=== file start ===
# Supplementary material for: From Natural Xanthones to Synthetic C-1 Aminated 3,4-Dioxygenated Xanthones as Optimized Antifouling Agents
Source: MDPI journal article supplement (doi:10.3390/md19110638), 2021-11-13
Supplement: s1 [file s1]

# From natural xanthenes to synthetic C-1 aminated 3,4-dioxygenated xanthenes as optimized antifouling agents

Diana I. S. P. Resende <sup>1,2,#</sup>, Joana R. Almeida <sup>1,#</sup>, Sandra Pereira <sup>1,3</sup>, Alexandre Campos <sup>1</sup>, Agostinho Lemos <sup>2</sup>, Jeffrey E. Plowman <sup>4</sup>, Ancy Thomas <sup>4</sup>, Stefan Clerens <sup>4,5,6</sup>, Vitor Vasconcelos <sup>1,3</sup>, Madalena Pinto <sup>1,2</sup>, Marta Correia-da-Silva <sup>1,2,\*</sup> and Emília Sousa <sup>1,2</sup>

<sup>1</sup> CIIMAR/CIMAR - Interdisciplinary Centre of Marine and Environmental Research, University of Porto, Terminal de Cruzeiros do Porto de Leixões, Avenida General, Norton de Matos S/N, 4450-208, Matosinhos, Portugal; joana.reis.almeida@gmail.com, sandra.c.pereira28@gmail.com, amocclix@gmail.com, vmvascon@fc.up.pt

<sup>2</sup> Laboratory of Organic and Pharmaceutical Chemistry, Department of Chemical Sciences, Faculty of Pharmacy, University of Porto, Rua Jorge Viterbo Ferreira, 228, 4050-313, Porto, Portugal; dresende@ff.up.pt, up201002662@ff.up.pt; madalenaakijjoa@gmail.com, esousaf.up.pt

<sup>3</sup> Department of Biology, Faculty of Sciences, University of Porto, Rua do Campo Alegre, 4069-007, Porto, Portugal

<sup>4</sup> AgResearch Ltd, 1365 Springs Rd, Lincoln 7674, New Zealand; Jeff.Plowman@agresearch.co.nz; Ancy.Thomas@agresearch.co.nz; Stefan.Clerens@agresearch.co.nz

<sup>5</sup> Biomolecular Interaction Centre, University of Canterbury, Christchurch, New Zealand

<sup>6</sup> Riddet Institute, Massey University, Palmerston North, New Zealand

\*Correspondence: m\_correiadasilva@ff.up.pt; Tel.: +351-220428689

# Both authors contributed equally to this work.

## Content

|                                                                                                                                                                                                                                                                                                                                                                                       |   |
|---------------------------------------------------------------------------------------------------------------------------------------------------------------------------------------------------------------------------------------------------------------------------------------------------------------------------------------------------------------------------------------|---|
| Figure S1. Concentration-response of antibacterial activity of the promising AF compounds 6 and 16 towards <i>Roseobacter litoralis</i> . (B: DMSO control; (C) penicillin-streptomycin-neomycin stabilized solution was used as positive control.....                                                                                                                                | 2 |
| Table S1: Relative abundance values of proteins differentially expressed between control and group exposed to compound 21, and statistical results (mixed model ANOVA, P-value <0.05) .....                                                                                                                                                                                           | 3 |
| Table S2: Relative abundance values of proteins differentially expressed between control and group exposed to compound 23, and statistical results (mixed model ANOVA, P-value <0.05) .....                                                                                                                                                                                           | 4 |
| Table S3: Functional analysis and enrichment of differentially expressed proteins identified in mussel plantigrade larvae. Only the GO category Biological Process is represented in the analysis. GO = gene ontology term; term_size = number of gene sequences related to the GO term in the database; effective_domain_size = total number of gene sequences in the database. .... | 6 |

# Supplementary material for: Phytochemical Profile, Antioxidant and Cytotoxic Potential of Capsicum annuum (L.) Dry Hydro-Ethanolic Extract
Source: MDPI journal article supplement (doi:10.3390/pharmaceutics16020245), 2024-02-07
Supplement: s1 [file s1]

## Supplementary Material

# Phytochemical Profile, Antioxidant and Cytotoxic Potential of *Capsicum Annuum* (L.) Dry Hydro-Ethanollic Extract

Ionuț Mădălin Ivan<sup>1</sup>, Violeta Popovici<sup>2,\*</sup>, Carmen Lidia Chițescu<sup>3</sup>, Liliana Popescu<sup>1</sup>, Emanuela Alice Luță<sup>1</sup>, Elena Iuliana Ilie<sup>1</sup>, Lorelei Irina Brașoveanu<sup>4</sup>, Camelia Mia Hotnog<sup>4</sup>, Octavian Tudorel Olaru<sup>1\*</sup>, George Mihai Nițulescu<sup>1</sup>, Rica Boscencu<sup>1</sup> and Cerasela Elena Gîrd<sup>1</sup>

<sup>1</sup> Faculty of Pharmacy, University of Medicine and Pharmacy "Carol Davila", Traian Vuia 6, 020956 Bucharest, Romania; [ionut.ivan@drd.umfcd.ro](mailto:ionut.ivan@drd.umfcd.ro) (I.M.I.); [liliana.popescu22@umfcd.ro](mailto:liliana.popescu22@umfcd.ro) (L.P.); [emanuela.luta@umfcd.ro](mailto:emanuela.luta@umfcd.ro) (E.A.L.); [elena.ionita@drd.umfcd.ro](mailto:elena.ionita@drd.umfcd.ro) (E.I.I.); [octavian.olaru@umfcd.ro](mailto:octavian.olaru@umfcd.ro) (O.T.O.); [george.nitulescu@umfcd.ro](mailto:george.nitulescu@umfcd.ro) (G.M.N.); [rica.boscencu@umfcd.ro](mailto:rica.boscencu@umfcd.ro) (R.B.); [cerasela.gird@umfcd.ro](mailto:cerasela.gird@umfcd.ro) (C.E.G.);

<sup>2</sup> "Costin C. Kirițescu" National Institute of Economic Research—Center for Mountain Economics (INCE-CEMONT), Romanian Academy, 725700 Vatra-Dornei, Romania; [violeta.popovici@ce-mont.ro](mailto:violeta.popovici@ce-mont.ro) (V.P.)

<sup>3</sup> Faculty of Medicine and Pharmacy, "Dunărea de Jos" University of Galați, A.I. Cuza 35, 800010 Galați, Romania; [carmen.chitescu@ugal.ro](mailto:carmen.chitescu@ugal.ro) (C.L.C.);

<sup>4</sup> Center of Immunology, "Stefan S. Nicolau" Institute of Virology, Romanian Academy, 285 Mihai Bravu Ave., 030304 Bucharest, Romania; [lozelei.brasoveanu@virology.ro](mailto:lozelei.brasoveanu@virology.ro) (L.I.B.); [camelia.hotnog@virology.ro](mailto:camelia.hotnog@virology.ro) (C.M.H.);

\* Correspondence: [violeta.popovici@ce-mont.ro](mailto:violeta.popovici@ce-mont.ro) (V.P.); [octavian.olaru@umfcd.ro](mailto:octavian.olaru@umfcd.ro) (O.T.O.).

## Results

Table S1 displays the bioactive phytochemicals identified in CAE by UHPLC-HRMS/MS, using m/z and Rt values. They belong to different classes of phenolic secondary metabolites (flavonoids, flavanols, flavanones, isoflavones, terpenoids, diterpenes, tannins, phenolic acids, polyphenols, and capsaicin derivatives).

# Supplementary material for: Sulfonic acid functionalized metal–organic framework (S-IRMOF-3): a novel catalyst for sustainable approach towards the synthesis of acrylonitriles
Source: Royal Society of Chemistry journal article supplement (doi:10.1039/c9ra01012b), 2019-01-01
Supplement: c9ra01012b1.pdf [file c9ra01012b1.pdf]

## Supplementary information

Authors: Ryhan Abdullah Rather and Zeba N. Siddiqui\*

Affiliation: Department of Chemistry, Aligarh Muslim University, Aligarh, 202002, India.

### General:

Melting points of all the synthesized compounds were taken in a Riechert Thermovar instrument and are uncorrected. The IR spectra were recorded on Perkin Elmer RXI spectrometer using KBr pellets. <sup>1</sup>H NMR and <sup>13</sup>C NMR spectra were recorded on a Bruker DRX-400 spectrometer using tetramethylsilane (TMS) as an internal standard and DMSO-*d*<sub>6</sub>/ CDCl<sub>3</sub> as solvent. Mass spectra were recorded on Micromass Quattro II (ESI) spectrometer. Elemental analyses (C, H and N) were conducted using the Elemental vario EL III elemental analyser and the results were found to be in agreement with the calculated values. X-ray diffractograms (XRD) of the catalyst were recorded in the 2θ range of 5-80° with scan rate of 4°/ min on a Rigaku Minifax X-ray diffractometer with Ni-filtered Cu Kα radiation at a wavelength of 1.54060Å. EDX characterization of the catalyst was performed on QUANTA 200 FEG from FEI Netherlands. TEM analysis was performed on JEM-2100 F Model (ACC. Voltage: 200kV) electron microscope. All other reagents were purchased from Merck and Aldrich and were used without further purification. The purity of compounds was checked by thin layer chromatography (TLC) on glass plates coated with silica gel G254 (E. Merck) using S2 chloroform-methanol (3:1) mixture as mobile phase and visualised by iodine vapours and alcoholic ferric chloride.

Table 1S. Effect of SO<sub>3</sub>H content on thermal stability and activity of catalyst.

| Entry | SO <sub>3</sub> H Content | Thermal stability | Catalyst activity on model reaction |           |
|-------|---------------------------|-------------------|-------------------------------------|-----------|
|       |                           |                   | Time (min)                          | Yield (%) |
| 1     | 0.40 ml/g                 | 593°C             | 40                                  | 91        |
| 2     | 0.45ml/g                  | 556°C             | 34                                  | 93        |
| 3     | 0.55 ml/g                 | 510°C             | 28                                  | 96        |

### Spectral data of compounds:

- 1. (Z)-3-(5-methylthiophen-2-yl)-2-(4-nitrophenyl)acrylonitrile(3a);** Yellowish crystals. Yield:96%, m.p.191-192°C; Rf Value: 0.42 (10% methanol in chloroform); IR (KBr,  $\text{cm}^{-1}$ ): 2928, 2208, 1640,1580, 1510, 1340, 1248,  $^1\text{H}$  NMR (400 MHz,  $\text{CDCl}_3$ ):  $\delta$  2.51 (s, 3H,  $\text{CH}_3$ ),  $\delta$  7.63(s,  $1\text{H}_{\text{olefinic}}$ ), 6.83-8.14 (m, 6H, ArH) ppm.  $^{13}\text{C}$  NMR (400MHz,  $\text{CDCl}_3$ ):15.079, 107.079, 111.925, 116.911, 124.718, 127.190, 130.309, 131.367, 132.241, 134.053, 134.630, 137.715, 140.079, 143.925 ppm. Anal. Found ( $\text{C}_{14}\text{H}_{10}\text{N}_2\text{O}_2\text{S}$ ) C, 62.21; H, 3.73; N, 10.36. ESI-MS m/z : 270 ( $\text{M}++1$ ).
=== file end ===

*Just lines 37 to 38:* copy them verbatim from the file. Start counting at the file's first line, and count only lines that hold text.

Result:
## Supplementary information

Authors: Ryhan Abdullah Rather and Zeba N. Siddiqui\*